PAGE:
2019 KPMG Sydney Royal Wine Show medal winners
2019 KPMG Sydney Royal Wine Show medal winners
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I have been privileged to judge wine in places as diverse as London, Sofia, Dallas, Moscow, Transylvania and Shanghai, over the course of three decades, but I can comfortably say that the Sydney Royal Wine Show this year has been as well organised and efficiently run as the best of them. The obvious support and investment of an organisation like KPMG has contributed to the appropriateness and enjoyment of the judging environment in every way, and this is both important and well appreciated by all who experienced it.
As with all wine shows, there were samples of all quality levels, and this is good thing. Even some of the Merlots. It is far easier to judge differences than similarities. Inevitably some people will submit less than perfect wines in the hope that a surprise bonus medal will come their way which will help sales. It is up to the judges to ensure that this does not happen, and the rigour and quality of all the judges I met here, and especially such a dedicated Chairman and collection of Panel Chairs will go a long way to ensure the continuing high reputation of the Sydney Royal and its integrity and trustworthiness. Mentioning no names, but there are other shows where lucky medals do often happen, and not enough checks and balances are made to lessen or eliminate the possibility. This is most definitely not the case here. All the winning wines tonight fully deserve their awards, I am sure.
If I may be so cheeky as to risk telling you what to do, or what you have done, I would like to make the following few observations.
Australian wine's success, in the UK market at least, was down to its ability to maximise the opportunities of exploiting a growing thirst for wine among other alcoholic drinks. All the usual clichés apply: English on labels, an affinity with all things Aussie, easy to understand varietal profiles, Sweetness of fruit, bucketloads of popcorny oak and buttery malo, Critters, value, consistency (including early championing of alternative closures) and discounting - everything contributed in differing proportions to the success of wine brands big and small.
Notice that list didn't include the word 'quality'.
But all of those things are 'qualities' in different ways. Certainly to the consumer, and it is from their perspective that we would be well advised to look at our industry.
Australia succeeded because it made the wines its customers wanted to drink, rather than expecting its consumers to want to drink the wines that it happened to make. Which was the, er, French and Italian way.
But there is room for both. The latter way is not arrogant. It is artistic, and it is the author of all true greatness in wine. Well, okay, with the French it IS arrogance. But sometimes with justification. And arrogance is not the exclusive preserve of the French.
Nowadays, just as there are plenty of progressive commercially successful producers in Europe who will craft a wine to their customers’ specifications with 5 grams per litre of sugar and some oak chips or whatever, there is an increasing number of producers in Australia - many represented in the show, and in this room - who are ploughing their own furrow and creating wine as art rather than only as commerce. It's almost certainly not as easy, but it's definitely more fun.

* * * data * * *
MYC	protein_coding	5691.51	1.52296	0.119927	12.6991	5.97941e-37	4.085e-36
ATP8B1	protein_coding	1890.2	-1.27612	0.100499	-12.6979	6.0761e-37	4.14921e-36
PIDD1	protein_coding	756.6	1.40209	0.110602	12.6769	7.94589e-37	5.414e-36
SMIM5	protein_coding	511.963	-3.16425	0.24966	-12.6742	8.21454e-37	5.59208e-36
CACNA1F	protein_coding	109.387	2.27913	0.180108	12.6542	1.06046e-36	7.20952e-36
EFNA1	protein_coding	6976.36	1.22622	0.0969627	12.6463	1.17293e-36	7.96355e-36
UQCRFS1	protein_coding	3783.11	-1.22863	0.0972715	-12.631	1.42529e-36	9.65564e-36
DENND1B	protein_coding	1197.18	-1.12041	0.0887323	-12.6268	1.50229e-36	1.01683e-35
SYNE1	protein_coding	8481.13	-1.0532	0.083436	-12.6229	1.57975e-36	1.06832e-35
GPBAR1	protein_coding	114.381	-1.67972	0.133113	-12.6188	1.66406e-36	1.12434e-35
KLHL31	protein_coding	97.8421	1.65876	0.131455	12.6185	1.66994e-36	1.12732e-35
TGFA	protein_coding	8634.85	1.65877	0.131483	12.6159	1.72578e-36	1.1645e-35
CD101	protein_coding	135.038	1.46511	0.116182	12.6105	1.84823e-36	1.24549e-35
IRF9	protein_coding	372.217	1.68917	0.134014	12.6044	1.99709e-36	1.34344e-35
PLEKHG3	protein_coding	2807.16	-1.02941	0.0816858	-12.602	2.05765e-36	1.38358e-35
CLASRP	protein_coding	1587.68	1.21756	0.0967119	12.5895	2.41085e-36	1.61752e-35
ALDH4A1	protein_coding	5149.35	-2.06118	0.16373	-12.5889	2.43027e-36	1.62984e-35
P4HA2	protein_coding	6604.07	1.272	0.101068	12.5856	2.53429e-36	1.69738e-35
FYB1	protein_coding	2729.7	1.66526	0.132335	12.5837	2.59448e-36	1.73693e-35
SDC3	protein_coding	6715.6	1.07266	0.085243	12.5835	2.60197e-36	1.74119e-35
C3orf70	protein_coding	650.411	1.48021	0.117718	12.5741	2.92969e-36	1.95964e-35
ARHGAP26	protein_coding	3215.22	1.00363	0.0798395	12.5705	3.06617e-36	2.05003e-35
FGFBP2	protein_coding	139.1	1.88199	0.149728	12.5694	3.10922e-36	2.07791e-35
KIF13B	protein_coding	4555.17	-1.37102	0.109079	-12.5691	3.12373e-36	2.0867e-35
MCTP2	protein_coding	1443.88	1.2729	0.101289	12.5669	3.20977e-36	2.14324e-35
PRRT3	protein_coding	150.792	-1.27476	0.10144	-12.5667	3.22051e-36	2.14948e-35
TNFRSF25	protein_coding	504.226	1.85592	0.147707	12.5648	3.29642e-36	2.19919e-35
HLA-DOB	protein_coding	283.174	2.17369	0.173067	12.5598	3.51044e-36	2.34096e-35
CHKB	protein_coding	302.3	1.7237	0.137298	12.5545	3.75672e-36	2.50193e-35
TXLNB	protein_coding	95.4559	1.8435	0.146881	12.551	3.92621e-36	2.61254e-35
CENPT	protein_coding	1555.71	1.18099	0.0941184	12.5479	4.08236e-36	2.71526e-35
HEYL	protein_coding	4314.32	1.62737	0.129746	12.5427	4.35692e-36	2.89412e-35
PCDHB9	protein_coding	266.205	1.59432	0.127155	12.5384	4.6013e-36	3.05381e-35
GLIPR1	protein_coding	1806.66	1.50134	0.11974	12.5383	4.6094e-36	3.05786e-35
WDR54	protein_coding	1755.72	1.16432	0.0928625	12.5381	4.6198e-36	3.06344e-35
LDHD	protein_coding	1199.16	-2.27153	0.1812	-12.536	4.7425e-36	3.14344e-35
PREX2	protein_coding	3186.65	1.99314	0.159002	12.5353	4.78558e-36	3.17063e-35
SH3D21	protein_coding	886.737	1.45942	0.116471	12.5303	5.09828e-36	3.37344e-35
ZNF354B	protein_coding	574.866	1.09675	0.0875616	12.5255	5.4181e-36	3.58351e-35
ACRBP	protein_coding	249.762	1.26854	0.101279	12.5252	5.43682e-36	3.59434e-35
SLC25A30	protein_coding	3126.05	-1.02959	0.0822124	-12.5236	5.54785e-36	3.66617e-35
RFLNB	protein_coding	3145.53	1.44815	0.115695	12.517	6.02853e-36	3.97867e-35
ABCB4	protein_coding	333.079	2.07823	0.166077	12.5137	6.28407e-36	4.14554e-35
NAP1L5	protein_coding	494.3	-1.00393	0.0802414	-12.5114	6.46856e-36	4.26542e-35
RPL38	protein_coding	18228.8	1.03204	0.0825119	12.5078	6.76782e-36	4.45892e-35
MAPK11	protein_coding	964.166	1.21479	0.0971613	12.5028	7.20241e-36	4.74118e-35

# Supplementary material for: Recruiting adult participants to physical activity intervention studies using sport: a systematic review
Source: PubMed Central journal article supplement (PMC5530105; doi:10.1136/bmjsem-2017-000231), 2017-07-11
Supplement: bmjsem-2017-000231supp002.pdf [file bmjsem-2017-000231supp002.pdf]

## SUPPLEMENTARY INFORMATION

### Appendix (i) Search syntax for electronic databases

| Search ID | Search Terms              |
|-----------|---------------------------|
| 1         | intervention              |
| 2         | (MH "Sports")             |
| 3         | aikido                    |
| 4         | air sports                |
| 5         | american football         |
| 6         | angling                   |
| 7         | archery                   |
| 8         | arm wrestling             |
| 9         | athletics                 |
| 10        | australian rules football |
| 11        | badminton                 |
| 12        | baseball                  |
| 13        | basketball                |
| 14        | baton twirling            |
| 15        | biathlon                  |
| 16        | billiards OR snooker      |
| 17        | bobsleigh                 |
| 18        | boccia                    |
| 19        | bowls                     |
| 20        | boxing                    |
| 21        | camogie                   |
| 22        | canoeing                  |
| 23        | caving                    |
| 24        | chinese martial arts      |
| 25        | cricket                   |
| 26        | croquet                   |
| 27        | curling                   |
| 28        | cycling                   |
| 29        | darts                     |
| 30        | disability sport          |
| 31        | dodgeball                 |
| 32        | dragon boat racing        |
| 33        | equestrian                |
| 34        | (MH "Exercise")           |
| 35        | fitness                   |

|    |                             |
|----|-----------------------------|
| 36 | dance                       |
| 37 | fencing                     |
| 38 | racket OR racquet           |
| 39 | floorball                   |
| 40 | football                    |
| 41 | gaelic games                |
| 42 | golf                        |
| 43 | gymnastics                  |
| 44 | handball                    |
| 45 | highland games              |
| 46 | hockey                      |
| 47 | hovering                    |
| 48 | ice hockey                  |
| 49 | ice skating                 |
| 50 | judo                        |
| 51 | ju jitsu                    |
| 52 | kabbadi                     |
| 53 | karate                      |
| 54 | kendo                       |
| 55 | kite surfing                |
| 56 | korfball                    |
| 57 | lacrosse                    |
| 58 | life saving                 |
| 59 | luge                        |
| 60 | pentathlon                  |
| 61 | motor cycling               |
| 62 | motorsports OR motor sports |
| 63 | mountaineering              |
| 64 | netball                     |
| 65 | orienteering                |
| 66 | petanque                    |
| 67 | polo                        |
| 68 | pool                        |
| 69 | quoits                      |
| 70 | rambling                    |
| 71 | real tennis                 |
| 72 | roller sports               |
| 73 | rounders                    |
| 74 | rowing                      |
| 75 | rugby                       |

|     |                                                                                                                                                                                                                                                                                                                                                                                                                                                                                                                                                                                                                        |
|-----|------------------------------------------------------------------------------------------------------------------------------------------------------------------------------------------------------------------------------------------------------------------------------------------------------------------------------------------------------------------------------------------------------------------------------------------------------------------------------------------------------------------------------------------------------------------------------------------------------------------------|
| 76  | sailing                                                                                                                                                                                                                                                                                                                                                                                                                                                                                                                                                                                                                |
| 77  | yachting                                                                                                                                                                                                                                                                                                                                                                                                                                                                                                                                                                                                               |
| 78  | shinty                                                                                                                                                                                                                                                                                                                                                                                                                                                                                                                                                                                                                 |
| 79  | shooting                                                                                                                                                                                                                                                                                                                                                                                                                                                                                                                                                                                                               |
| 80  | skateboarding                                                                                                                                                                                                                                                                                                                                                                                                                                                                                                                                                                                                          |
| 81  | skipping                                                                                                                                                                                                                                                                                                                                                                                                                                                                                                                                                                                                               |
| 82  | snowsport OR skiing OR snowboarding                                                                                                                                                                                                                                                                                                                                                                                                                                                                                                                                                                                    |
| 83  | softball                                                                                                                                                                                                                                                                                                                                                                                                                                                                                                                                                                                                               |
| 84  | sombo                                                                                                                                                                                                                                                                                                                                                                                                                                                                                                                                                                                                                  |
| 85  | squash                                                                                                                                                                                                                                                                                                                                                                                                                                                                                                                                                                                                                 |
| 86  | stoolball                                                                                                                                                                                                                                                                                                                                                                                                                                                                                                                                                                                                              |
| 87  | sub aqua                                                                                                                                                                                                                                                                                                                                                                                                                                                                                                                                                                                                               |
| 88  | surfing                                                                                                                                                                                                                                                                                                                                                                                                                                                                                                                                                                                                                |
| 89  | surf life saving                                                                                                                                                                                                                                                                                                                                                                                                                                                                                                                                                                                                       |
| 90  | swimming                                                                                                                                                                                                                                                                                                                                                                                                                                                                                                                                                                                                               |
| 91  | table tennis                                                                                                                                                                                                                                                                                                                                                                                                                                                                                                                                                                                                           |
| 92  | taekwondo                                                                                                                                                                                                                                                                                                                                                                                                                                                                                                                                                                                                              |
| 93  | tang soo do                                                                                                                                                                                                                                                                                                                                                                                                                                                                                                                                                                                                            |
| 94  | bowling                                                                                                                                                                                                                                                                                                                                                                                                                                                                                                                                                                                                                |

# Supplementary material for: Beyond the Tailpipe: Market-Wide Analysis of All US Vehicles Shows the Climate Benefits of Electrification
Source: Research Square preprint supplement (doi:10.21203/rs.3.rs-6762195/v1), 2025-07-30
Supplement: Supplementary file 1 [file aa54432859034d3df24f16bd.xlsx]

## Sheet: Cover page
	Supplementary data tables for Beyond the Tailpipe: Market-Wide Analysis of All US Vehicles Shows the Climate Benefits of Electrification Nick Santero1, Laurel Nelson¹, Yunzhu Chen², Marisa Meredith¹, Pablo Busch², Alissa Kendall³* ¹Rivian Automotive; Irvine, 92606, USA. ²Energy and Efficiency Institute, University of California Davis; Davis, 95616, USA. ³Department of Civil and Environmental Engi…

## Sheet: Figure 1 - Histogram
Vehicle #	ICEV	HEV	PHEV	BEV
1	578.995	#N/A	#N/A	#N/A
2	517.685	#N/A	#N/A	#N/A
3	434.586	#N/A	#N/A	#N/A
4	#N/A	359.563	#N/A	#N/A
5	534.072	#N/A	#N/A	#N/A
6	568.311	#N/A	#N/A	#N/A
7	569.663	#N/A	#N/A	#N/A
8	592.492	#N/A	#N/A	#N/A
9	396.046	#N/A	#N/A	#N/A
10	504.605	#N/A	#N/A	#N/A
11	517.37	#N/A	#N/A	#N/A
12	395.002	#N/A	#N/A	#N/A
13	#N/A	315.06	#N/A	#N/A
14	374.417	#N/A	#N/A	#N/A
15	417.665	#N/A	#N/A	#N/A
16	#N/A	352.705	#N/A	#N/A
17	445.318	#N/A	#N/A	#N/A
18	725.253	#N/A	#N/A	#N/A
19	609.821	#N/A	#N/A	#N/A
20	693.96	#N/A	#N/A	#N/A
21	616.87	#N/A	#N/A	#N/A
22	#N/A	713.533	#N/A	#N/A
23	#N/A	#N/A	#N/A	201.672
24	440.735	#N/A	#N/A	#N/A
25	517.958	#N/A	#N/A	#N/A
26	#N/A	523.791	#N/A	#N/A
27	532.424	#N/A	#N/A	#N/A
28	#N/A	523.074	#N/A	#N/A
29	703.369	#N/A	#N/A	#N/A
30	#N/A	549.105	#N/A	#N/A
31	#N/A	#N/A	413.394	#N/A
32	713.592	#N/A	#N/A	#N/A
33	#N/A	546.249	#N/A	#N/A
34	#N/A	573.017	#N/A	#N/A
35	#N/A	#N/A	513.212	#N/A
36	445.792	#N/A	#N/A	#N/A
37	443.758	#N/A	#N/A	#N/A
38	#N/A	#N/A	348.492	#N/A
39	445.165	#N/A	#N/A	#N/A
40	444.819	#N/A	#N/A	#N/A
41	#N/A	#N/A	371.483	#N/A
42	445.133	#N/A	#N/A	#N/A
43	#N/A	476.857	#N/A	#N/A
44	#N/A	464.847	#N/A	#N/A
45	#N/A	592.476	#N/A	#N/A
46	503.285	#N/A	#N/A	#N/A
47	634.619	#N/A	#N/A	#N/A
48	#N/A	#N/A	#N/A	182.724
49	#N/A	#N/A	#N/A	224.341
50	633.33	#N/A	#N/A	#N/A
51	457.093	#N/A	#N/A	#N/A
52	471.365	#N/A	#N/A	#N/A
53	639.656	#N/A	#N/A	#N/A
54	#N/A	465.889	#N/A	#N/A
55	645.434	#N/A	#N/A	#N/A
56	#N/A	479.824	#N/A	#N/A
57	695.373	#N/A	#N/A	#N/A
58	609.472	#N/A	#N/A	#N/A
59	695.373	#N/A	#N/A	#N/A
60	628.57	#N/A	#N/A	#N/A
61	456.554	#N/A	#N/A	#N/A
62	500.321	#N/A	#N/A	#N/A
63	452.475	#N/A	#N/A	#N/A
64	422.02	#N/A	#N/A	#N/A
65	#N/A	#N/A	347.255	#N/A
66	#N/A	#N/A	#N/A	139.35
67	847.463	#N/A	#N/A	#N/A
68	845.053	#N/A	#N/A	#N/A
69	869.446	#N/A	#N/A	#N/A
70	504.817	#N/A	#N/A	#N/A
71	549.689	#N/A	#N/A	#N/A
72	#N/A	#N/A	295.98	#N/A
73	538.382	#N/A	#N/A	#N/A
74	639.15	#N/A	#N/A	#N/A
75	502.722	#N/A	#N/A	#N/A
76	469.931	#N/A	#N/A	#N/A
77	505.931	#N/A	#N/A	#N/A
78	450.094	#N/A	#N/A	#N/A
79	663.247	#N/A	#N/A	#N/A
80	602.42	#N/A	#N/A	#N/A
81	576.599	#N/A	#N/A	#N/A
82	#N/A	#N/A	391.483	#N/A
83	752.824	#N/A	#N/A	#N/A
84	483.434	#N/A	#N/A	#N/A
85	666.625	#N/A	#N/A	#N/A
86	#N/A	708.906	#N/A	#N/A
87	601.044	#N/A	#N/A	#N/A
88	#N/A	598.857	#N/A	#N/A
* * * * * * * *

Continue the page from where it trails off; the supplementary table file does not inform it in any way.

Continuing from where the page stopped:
Inevitably wine judges gravitate towards these wines. They're more interesting, they taste better, they're more classy and we all want to drink them. But for everyone who has become bored of glossy oaky Chardonnay and peppermint-patty Shiraz, there are dozens yet to discover them. Coffee flavoured wine and American Cabernet aged in Bourbon barrels would not succeed otherwise. But succeed they do.
All things - in some way - follow this progression. It might take weeks or it might take centuries, but from architecture to hair-styles, music to restaurant service, everything goes roughly like this:
Of course we all like discovering quality in the weird. Especially hipster sommeliers. Who are weird. Sometimes they like weirdness for weirdness' sake. Which can be an expensive mistake for the rest of us.
But we all avoid the clichés like the plague. Well, except when it comes to buying a television or a brand of coffee or whatever. Those products we consume but don't feel the need to think about. Well, no matter how sad the fact may be, wine is one of those things for almost all of its consumers. Our consumers. The well-made clichés can deserve medals too.
Today's clichés were weird once. Today's weird wines will grow up to be clichés one day. And in some cases, sooner that you think.
Diversity is the key, and from my perspective it's great that there are people making ripe juicy accessible wines in the South of France (as often as not down to Australian winemakers anyway). But it's even better that there are refreshing, linear, crisp and sulphidic/chalky Chardonnays coming from cooler areas here, and people planting varieties like Saperavi, Nero d'Avola, and Vermentino - to see what happens.
Hopefully, and I am sure that, we rewarded the best examples of all styles from both ends of the spectrum and in between, and found the interesting wines to spread our collective passion wider. I certainly made lots of great discoveries, and I am very grateful for the opportunity to have done so.
Rod Smith MW
2019 International Guest Judge - KPMG Sydney Royal Wine Show